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Kraft Heinz to Sell Part of Cheese Business for $3.2 Billion – The Wall Street Journal

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Heinz Kraft’s deal with Lactalis will include the Cracker Barrel brand among other assets.

Photo: Tiffany Hagler-Geard/Bloomberg News

Kraft Heinz Co.
is parting with a big chunk of its cheese business, a sign of the challenges facing food companies whose scale complicated operations as the coronavirus pandemic drove unprecedented demand.

Kraft Heinz said Tuesday that it had reached a deal to sell its U.S. natural-cheese business and a mix of other cheese brands in North America and internationally to France’s Groupe Lactalis SA for $3.2 billion.

The Wall Street Journal first reported that the sale was imminent earlier Tuesday. The maker of Heinz ketchup and Oscar Mayer deli meats, among many other foods, said the sale is part of its plan to simplify its business and focus on brands that have the best potential to resonate with contemporary consumers.

“We wandered away from the consumer,” Kraft Heinz Chief Growth Officer Nina Barton said Tuesday at a virtual meeting with investors. “We are rebuilding the connection.”

Sales of groceries including packaged foods have surged during the coronavirus pandemic as consumers have stocked their pantries and shifted to eating mostly at home. But some established companies have lost market share even as their sales have risen because they can’t keep up with the unexpected demand. And the sudden need for more cleaning supplies, protective equipment and delivery trucks cut into their profit margins.

Kraft Heinz had just begun an overhaul of its portfolio of dozens of brands when the pandemic hit. While Kraft Heinz struggled to make enough macaroni and cheese to meet demand, competitors gained ground, such as
General Mills Inc.
with its Progresso soup and Betty Crocker baking mixes. The pandemic reinforced a theme evident in Kraft Heinz’s challenges since the company was created in a 2015 merger: bigger isn’t always better.

Nestlé SA,
Unilever
PLC and other big food makers have also made significant divestitures in recent years to better focus their operations.

Kraft Heinz has struggled since the merger with consumers defecting to foods that seem trendier or healthier, and to lower-priced store brands. The pressure to revive sales has tempered its ability to improve profitability. That is reflected in a stock that has lost more than half its value since early days of the merger, giving it a market capitalization today of about $40 billion, not much more than its debt load of nearly $30 billion. Some proceeds from the sale to Lactalis are earmarked for debt reduction, the company said.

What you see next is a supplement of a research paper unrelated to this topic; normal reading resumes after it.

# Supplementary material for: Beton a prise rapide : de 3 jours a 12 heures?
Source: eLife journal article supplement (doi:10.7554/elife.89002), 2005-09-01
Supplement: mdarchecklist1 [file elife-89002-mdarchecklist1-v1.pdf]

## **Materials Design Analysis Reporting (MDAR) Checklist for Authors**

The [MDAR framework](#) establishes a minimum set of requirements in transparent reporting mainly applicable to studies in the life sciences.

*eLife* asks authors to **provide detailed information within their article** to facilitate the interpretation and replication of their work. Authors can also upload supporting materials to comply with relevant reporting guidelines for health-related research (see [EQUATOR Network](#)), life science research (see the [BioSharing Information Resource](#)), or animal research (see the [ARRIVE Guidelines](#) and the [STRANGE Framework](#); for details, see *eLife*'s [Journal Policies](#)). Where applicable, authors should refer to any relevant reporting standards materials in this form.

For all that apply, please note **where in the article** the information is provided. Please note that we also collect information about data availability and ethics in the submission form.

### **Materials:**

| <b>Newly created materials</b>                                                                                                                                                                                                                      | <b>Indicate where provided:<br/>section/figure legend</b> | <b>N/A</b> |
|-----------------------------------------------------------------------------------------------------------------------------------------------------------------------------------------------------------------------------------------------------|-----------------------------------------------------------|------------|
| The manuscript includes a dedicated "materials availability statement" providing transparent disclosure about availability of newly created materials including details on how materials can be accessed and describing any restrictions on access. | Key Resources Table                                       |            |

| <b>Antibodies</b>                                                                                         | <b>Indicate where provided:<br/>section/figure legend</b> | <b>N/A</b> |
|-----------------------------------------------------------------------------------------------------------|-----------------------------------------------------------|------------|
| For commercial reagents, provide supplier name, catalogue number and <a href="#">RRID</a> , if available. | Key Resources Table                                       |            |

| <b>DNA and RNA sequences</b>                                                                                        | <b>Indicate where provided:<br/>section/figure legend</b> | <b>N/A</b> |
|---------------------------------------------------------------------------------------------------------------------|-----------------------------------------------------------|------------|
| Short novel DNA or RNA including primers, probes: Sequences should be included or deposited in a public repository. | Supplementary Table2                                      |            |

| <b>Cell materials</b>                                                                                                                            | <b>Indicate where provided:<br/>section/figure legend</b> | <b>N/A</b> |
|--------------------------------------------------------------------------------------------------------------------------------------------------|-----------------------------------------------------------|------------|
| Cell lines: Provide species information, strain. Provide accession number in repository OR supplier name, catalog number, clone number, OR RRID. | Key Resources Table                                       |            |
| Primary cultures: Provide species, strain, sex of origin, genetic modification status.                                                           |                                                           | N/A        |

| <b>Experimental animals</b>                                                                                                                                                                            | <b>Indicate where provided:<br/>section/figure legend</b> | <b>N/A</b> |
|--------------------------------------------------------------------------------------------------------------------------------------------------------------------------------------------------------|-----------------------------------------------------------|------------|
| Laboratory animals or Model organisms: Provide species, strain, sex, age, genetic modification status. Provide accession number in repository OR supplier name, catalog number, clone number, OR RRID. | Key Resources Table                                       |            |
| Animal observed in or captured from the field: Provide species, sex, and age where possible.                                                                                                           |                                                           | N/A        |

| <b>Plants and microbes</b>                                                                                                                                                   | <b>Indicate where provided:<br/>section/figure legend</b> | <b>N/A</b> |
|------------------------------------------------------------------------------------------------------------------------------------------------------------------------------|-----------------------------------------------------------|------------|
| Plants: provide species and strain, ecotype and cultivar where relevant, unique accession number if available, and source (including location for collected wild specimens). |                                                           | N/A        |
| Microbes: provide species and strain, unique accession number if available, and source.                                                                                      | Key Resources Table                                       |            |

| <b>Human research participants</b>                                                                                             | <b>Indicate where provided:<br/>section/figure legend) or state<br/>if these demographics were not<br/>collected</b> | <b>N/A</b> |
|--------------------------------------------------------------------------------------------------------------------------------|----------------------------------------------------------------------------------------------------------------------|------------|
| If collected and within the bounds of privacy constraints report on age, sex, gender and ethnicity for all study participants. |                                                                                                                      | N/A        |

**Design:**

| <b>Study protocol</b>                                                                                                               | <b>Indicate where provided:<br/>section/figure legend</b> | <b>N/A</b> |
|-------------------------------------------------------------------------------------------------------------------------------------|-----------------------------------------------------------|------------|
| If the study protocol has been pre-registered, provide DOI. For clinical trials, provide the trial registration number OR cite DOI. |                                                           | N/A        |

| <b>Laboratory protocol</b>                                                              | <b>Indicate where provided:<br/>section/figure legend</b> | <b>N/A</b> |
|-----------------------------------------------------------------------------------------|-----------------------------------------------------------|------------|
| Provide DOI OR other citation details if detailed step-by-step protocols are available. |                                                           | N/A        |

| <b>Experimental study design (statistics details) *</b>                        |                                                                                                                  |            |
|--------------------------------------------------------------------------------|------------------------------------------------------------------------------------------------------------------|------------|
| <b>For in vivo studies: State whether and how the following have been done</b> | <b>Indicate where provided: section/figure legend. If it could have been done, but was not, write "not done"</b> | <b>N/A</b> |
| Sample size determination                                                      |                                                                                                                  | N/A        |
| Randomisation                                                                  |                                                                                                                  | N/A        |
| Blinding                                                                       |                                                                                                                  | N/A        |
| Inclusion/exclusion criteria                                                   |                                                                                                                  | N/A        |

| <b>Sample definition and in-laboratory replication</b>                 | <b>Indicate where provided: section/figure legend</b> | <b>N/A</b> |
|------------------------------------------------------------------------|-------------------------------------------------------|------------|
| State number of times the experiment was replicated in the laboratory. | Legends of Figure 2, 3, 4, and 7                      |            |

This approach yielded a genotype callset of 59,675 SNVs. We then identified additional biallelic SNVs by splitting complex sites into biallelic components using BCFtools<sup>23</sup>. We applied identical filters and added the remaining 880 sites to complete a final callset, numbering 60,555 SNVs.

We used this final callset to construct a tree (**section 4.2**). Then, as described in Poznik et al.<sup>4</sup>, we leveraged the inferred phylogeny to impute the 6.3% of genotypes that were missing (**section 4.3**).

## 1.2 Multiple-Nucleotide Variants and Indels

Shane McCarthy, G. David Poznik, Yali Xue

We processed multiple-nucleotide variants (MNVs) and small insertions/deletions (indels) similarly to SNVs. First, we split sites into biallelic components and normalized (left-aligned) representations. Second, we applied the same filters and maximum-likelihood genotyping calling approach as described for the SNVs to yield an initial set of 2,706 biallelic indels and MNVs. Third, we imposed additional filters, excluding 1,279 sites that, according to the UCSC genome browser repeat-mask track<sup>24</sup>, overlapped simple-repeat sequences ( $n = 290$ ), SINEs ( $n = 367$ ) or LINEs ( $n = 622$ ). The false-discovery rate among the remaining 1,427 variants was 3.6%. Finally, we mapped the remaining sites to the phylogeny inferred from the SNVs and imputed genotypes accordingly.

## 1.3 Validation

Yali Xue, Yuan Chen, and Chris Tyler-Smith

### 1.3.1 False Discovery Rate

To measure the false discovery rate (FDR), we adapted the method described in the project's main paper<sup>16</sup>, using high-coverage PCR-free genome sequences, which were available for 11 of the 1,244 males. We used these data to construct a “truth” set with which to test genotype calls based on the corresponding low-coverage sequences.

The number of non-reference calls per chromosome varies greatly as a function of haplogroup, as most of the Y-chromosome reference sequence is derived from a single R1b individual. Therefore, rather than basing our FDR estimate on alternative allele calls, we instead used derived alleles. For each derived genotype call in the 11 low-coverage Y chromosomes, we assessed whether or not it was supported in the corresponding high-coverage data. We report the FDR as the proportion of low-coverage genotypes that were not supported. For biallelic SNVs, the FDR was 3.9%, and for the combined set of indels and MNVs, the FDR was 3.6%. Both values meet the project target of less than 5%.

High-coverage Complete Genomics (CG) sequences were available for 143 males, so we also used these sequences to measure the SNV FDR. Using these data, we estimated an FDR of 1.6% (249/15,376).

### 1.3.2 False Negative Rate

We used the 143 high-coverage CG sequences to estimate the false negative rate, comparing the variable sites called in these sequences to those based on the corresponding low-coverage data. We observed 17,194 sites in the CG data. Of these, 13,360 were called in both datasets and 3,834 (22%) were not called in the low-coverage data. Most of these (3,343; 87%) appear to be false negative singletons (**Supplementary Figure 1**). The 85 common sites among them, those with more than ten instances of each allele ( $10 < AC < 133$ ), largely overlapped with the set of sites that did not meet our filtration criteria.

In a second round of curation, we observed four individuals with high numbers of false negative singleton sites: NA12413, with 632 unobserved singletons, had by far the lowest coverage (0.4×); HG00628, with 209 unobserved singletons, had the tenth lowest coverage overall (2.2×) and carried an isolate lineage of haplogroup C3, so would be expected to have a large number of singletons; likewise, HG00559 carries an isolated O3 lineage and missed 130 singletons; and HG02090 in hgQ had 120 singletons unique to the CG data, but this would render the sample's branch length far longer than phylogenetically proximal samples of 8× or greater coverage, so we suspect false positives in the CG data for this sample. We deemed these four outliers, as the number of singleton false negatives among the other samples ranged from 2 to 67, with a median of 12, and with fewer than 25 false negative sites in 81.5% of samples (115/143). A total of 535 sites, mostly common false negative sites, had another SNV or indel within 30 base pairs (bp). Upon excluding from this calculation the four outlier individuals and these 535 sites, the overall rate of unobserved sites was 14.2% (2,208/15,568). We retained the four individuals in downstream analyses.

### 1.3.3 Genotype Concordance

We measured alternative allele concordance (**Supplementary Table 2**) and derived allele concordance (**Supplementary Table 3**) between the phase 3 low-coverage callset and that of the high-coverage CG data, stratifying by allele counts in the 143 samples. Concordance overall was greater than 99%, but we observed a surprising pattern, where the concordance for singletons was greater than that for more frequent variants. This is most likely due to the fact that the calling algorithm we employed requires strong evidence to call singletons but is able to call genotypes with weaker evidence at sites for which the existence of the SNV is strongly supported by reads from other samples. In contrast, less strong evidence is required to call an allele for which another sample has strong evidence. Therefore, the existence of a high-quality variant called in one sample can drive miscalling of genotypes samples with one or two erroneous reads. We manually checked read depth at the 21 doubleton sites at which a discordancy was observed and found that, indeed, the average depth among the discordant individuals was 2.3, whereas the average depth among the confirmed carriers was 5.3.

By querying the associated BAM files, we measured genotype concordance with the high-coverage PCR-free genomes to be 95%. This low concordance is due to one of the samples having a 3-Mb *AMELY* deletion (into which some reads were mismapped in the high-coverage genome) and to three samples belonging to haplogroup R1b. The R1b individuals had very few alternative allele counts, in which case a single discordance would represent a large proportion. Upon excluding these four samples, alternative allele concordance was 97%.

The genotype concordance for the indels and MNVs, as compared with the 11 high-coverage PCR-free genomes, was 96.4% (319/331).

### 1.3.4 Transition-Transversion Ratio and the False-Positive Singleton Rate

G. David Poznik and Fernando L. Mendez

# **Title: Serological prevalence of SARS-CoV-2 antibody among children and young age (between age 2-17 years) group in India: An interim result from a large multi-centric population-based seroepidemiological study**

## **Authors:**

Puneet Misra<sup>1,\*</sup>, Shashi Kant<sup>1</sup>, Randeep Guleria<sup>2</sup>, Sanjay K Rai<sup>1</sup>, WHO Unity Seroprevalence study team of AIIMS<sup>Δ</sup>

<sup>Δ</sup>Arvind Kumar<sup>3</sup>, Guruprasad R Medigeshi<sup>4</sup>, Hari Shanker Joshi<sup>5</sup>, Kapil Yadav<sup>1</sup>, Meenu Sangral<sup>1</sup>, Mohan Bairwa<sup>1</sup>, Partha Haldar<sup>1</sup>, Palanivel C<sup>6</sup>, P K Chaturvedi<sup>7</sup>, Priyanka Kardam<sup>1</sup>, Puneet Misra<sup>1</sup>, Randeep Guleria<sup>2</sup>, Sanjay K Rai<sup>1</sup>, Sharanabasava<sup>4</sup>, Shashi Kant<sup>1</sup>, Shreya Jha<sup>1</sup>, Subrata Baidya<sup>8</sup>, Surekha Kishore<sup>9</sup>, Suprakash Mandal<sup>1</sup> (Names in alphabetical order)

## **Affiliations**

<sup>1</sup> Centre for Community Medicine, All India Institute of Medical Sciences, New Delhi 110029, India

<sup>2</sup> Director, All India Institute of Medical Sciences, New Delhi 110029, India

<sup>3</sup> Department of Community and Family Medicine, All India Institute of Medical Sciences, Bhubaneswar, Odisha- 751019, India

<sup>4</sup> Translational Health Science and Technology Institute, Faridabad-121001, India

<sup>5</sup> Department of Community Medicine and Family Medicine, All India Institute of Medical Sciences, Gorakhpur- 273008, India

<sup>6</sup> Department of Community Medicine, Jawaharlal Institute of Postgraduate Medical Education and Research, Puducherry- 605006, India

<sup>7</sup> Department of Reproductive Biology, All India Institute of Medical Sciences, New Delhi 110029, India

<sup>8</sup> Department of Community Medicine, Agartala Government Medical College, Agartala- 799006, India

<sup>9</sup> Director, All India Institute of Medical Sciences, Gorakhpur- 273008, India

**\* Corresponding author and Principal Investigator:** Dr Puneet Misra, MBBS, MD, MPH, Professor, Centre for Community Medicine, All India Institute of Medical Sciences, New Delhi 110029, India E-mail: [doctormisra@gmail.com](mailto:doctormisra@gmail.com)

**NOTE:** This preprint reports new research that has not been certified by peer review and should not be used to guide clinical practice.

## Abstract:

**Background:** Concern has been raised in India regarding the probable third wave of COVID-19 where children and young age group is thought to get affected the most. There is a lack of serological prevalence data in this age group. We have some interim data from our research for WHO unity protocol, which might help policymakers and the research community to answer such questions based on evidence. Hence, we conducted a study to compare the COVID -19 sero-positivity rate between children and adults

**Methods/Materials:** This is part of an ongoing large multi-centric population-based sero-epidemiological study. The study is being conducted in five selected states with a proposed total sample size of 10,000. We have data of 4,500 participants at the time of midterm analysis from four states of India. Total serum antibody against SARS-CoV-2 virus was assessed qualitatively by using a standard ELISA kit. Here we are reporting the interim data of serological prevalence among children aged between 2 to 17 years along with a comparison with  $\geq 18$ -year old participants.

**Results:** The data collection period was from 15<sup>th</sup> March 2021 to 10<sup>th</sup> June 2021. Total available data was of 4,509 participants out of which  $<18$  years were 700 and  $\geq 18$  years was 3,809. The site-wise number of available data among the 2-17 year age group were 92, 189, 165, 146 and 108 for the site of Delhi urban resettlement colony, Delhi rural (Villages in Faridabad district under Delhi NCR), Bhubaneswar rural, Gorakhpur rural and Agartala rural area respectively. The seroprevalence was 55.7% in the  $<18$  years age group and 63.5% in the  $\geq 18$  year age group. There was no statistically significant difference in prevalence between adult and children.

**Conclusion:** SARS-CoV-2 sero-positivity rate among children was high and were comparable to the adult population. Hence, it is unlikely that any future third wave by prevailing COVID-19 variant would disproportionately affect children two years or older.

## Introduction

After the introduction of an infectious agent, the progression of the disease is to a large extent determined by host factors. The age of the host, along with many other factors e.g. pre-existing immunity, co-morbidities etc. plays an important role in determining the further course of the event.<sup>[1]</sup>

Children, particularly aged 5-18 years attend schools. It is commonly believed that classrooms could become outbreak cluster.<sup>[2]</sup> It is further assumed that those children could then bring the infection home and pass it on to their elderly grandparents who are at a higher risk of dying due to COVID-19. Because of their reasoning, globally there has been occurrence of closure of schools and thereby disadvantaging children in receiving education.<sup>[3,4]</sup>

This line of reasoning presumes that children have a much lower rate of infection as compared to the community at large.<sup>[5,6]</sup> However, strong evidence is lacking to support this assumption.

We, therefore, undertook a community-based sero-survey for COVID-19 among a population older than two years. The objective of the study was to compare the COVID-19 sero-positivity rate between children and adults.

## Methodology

Kraft Heinz said at its investor meeting that it plans to cut $2 billion in costs over five years, returning to the strategy that inspired the company’s formation in the merger five years ago. It is starting with $350 million to $400 million in gross savings this year.

Kraft Heinz’s shares rose 1% on Tuesday to $32.26.

Closely held Lactalis, a global dairy company based in France, produces brie, ricotta and other cheeses in the U.S. and sells them under brands including President.

The company entered the U.S. about 40 years ago and has been on an expansion spree, acquiring Stonyfield organic yogurt from
Danone SA
in 2017 in a deal valued at $875 million.

Adding the Kraft cheese business would boost the company’s footprint further at a time when demand for staple groceries is higher than ever amid the coronavirus pandemic.

The sale will include Kraft shredded and blocks of cheese and the Cracker Barrel brand in the U.S., Breakstone’s cottage cheese and sour cream, and some other assets. Kraft Heinz will keep Philadelphia cream cheese, Velveeta, Cheez Whiz and Kraft Singles in the U.S. It will also retain its macaroni-and-cheese business world-wide.

The brands Kraft Heinz is selling had about $1.8 billion in sales over the past year, representing roughly 7% of the company’s annual revenue.

In 2018, Kraft Heinz agreed to sell its Canadian natural-cheese business to Parmalat for over $1 billion.

The sale to Lactalis comes as Kraft Heinz reorganizes its business under six new platforms that it says are more focused on what consumers want, such as more convenient meals and snacks, instead of 55 different grocery categories. The new approach, executives said, will help the company be more agile and innovate more effectively.

In the years following the merger, Kraft Heinz slashed costs to generate about $1.7 billion in net savings. Its sales growth and market share suffered.

That contributed to several of its biggest brands losing value. Since February 2019, Kraft Heinz has written down the value of its brands by about $20 billion.

Kraft Heinz Chief Executive Miguel Patricio said the company, which is partly owned by Brazilian investment firm 3G Capital, was too focused on cost cuts and made shortsighted decisions under its prior leadership. “We are changing that mind-set,” he said in an interview.

Last year, Mr. Patricio took over at Kraft Heinz after several years as chief marketing officer at
Anheuser-Busch InBev SA,
another company in which 3G’s partners are invested.

Mr. Patricio said Kraft Heinz will be more strategic about how it cuts costs and will invest more of the savings in marketing its brands, rather than passing it all on to the bottom line as the company did in the past.

“Do we need to reduce margins to grow brands? The answer is no,” he said.

RBC Capital Markets LLC was Kraft Heinz’s financial adviser and Paul, Weiss, Rifkind, Wharton & Garrison LLP served as its legal adviser. Perella Weinberg Partners was Lactalis’s financial adviser and Dentons served as its legal adviser.

Write to Cara Lombardo at cara.lombardo@wsj.com and Annie Gasparro at annie.gasparro@wsj.com

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